In response to 104.7's maneuvering, WVGO 106.5 switched from its old alternative format to its new exactly-the-same but differently-named modern rock format. Also, WVGO retired (“fired like a cruise missile”) its old morning show hosts, Mike, Meg, Weav (short for “weevil?”), Bob, Yoda, and Ringo. They then picked up Howard Stern, who fills a longtime gap in Richmond radio, namely that there weren’t enough “penis” jokes.
Not to be lost in the shuffle, XL102 did not change its format, or even rename of its old format. Instead, they put up huge billboards saying “Don’t Fake It,” and pictures of what must be some woman being tortured by police after trying to use a fake ID. We applaud XL102’s stand on teenage civic responsibility.
Or ... wait a second. Oh, she’s supposed to be faking an orgasm. That makes sense, because radio ... orgasms ... um ... okay, we don’t know what the Hell that’s supposed to be about. If someone finds out, please write to us, care of this newspaper.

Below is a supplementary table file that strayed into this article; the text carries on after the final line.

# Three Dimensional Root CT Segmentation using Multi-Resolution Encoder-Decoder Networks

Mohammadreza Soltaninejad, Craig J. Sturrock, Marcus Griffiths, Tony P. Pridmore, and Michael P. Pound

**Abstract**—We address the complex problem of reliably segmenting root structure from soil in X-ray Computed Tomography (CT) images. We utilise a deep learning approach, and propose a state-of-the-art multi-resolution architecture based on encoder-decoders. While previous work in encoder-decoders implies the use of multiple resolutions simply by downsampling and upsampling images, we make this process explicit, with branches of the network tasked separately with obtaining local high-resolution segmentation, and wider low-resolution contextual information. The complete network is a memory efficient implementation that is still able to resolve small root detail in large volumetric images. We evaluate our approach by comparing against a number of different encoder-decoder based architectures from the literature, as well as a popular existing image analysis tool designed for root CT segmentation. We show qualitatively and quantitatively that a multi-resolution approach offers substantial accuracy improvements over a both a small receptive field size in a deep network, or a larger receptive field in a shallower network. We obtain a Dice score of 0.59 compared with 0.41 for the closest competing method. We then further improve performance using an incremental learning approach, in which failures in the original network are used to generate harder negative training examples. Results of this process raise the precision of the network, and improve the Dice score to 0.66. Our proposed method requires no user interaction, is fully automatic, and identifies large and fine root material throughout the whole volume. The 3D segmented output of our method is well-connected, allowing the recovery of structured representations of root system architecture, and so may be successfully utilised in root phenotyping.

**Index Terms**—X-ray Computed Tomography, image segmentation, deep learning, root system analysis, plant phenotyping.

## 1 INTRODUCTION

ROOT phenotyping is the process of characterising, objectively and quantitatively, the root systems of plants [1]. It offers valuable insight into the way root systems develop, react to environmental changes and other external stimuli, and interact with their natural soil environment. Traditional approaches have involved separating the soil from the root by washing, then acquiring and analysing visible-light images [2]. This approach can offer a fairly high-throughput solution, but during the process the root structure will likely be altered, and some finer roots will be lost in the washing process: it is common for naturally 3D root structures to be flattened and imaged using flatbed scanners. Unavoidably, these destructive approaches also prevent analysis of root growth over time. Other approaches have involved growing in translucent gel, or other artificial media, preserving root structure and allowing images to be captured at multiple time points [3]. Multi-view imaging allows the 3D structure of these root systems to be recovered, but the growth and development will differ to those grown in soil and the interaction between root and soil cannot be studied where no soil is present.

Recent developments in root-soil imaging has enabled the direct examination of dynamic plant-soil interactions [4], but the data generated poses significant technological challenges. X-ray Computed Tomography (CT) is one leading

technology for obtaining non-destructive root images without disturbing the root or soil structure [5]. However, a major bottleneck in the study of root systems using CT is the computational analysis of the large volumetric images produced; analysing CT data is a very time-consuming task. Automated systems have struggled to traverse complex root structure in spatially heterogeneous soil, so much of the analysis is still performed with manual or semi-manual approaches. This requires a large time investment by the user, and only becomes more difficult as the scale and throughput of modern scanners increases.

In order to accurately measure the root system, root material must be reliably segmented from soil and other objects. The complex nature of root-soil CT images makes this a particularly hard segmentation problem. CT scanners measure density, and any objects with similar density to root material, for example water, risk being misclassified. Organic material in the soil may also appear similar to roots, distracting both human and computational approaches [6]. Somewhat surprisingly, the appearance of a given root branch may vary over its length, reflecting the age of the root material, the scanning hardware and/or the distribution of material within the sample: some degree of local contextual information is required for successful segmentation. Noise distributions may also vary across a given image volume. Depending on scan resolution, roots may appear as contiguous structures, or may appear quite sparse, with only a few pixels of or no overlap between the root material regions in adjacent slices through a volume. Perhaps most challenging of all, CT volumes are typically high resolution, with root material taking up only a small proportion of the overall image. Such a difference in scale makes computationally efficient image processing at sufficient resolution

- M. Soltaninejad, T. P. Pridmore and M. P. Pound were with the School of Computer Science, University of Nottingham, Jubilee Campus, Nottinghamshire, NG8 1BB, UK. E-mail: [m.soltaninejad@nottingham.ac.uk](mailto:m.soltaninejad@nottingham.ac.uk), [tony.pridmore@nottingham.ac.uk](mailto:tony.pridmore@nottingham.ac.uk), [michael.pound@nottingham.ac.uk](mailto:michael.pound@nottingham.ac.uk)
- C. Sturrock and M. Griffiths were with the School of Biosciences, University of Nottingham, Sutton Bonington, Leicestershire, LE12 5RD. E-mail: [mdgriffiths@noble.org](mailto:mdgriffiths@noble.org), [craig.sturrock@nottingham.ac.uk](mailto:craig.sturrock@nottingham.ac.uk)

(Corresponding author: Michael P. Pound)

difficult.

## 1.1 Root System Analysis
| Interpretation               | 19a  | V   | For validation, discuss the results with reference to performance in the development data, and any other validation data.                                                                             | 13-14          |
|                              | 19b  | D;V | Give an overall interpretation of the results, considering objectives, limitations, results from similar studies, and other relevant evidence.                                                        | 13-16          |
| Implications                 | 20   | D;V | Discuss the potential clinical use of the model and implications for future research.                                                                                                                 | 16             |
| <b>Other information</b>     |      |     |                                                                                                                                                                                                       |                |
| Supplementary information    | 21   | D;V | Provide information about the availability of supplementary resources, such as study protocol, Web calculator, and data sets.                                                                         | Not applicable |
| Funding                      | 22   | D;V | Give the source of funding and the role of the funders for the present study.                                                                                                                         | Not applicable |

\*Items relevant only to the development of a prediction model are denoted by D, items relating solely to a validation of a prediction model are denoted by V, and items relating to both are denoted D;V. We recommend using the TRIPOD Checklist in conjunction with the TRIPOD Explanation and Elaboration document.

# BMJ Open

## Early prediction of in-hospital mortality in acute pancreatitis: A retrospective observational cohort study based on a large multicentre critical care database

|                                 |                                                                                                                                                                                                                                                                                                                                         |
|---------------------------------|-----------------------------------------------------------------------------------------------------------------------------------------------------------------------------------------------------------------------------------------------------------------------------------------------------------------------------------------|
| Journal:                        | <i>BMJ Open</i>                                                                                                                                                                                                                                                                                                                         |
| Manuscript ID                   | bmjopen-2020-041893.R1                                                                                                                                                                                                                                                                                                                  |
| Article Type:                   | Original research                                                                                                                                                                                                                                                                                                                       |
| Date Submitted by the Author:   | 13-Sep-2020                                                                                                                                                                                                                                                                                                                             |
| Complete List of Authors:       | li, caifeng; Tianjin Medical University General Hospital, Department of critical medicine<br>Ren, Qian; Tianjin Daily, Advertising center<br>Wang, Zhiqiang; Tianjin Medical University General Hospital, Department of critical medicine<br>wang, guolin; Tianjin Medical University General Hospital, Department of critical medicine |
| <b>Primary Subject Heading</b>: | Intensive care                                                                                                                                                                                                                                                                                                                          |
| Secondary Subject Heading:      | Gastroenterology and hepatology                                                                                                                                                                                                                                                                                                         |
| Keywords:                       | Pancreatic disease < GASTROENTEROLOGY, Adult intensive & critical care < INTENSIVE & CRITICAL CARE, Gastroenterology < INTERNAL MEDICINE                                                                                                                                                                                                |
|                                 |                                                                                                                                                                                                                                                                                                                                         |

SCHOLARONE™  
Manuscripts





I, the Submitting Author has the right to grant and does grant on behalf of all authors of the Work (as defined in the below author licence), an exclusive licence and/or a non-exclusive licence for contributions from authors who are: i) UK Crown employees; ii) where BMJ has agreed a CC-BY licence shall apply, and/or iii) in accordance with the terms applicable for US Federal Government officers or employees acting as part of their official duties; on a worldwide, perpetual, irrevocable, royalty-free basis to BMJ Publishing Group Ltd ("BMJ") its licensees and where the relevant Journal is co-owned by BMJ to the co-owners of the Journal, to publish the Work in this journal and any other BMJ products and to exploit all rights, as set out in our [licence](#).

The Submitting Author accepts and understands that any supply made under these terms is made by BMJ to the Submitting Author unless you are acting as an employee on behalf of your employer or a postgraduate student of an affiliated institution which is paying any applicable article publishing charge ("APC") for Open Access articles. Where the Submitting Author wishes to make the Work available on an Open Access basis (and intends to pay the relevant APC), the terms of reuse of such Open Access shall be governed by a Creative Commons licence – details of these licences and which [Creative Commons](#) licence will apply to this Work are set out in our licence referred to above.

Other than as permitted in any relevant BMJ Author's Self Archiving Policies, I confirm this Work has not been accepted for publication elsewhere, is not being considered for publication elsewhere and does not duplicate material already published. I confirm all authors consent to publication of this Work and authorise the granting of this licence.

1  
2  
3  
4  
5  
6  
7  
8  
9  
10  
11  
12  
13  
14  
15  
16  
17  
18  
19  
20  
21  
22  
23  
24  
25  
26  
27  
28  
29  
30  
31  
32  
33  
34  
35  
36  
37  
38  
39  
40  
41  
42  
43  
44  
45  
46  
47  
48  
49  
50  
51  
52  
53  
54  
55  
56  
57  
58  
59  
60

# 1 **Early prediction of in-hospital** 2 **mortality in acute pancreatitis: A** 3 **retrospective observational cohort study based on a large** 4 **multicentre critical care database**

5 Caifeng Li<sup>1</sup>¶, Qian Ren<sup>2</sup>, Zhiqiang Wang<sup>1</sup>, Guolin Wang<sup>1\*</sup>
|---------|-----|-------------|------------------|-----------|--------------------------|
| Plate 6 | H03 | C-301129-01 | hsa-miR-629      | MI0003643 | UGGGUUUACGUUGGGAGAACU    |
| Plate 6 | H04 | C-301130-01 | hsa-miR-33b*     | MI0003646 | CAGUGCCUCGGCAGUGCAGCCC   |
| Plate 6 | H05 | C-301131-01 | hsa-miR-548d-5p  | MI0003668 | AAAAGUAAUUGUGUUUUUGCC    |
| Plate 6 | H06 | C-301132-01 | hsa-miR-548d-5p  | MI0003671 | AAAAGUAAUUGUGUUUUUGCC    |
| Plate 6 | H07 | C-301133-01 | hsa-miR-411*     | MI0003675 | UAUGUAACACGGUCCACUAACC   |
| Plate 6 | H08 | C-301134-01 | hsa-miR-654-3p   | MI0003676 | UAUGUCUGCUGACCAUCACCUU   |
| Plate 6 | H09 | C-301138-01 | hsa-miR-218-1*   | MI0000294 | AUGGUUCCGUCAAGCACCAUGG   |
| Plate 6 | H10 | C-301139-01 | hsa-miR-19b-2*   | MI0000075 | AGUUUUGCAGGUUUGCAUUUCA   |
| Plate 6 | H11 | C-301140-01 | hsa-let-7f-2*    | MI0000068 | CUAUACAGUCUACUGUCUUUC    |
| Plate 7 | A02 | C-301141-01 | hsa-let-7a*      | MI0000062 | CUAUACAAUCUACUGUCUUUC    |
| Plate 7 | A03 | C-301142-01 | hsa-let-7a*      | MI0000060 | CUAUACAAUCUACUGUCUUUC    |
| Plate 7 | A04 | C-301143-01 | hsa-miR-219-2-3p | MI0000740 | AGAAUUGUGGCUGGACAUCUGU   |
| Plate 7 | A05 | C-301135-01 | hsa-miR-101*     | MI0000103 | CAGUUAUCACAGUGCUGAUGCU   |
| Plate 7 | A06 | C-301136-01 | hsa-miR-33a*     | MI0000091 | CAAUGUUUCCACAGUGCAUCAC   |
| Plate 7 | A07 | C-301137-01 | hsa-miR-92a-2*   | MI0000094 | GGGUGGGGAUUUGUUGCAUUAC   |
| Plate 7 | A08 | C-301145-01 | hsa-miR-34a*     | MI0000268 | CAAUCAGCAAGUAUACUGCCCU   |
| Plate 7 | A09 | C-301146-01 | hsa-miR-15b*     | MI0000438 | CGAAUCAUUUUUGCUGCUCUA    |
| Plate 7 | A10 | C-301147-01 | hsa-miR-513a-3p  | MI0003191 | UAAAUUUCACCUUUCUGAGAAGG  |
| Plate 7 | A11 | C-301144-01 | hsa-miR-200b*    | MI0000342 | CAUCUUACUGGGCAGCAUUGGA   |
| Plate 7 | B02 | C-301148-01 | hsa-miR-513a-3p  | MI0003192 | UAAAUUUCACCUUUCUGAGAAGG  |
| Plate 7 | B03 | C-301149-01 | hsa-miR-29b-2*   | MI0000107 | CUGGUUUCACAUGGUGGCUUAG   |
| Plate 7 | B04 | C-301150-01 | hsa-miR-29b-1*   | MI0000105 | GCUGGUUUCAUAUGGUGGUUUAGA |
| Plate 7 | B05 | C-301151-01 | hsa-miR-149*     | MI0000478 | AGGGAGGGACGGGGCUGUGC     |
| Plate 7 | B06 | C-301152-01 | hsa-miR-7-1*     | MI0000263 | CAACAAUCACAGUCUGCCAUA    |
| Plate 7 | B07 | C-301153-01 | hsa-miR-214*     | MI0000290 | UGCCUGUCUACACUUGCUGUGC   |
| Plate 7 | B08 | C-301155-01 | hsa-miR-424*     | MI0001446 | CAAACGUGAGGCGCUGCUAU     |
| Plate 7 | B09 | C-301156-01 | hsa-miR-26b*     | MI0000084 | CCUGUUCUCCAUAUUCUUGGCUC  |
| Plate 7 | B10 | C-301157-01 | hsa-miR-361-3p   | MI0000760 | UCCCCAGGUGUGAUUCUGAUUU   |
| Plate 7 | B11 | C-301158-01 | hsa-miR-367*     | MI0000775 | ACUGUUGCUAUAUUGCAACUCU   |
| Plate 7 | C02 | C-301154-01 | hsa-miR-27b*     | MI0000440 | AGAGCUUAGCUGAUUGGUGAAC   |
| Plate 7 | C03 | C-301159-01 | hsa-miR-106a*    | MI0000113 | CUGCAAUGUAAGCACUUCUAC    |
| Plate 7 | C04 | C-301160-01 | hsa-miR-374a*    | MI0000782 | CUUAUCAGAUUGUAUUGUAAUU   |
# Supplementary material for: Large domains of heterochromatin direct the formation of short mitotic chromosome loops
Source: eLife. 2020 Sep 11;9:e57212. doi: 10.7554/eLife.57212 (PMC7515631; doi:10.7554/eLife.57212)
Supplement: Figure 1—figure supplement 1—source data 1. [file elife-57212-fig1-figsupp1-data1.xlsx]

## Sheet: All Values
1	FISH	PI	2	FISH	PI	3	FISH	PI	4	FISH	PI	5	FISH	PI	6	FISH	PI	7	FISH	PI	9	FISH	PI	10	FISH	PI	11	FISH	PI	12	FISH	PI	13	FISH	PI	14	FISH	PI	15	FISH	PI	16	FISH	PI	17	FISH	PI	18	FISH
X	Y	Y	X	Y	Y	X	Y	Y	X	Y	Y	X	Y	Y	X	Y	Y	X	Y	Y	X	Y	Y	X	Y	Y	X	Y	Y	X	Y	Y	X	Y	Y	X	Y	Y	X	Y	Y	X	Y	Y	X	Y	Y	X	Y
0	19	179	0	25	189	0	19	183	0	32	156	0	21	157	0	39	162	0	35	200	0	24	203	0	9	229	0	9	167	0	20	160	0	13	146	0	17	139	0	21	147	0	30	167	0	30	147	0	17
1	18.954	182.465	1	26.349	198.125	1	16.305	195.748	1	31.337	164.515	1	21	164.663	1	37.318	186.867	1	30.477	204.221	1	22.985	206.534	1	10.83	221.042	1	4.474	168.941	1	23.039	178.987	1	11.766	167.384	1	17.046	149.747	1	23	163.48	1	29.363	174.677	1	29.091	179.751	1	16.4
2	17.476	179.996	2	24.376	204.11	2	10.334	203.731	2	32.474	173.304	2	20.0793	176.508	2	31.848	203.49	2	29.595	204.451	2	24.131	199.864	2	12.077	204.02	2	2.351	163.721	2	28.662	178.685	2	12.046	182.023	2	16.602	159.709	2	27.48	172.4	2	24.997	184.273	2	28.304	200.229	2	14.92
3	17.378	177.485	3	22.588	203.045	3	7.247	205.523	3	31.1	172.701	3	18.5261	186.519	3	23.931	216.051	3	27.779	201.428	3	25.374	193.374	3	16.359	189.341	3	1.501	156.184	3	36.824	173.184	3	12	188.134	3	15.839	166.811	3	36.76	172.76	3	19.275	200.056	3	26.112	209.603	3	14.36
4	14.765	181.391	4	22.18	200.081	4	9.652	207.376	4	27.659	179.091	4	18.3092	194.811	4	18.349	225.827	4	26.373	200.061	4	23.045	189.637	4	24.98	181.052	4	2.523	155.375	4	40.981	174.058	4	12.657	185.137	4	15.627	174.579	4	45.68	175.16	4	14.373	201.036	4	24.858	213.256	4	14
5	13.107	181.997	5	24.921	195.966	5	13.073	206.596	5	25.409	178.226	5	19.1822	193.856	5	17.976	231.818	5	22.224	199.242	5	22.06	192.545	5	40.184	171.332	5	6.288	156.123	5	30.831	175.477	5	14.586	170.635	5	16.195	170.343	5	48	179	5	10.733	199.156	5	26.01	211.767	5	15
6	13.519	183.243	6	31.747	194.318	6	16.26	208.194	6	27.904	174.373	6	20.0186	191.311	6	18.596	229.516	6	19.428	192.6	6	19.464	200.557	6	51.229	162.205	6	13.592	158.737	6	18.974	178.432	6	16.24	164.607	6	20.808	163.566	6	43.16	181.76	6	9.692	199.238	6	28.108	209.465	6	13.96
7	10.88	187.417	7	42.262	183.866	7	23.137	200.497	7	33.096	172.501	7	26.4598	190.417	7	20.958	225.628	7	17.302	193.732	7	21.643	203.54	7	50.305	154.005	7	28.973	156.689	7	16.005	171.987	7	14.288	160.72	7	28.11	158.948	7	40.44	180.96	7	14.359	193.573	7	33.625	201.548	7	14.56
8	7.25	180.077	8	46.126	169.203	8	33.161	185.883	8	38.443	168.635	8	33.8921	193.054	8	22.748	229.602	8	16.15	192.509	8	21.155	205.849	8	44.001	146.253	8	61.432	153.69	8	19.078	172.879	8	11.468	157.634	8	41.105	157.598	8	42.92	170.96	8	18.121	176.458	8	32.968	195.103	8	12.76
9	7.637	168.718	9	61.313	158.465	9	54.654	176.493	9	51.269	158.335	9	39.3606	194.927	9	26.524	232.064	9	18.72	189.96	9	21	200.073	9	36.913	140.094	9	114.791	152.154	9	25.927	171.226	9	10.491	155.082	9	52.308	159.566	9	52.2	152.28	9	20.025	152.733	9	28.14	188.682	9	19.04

XL102 also plays some “Heavy Metal” music. It can be distinguished by its lyrics, which are something like this:
I am very angry about something!!!!!/
I am really very angry about something!!!!!/
My life is unpleasant, and I am angry about this!!!!!!!/
Now let’s all worship Satan. (guitar solo)
Or at least that’s what we heard.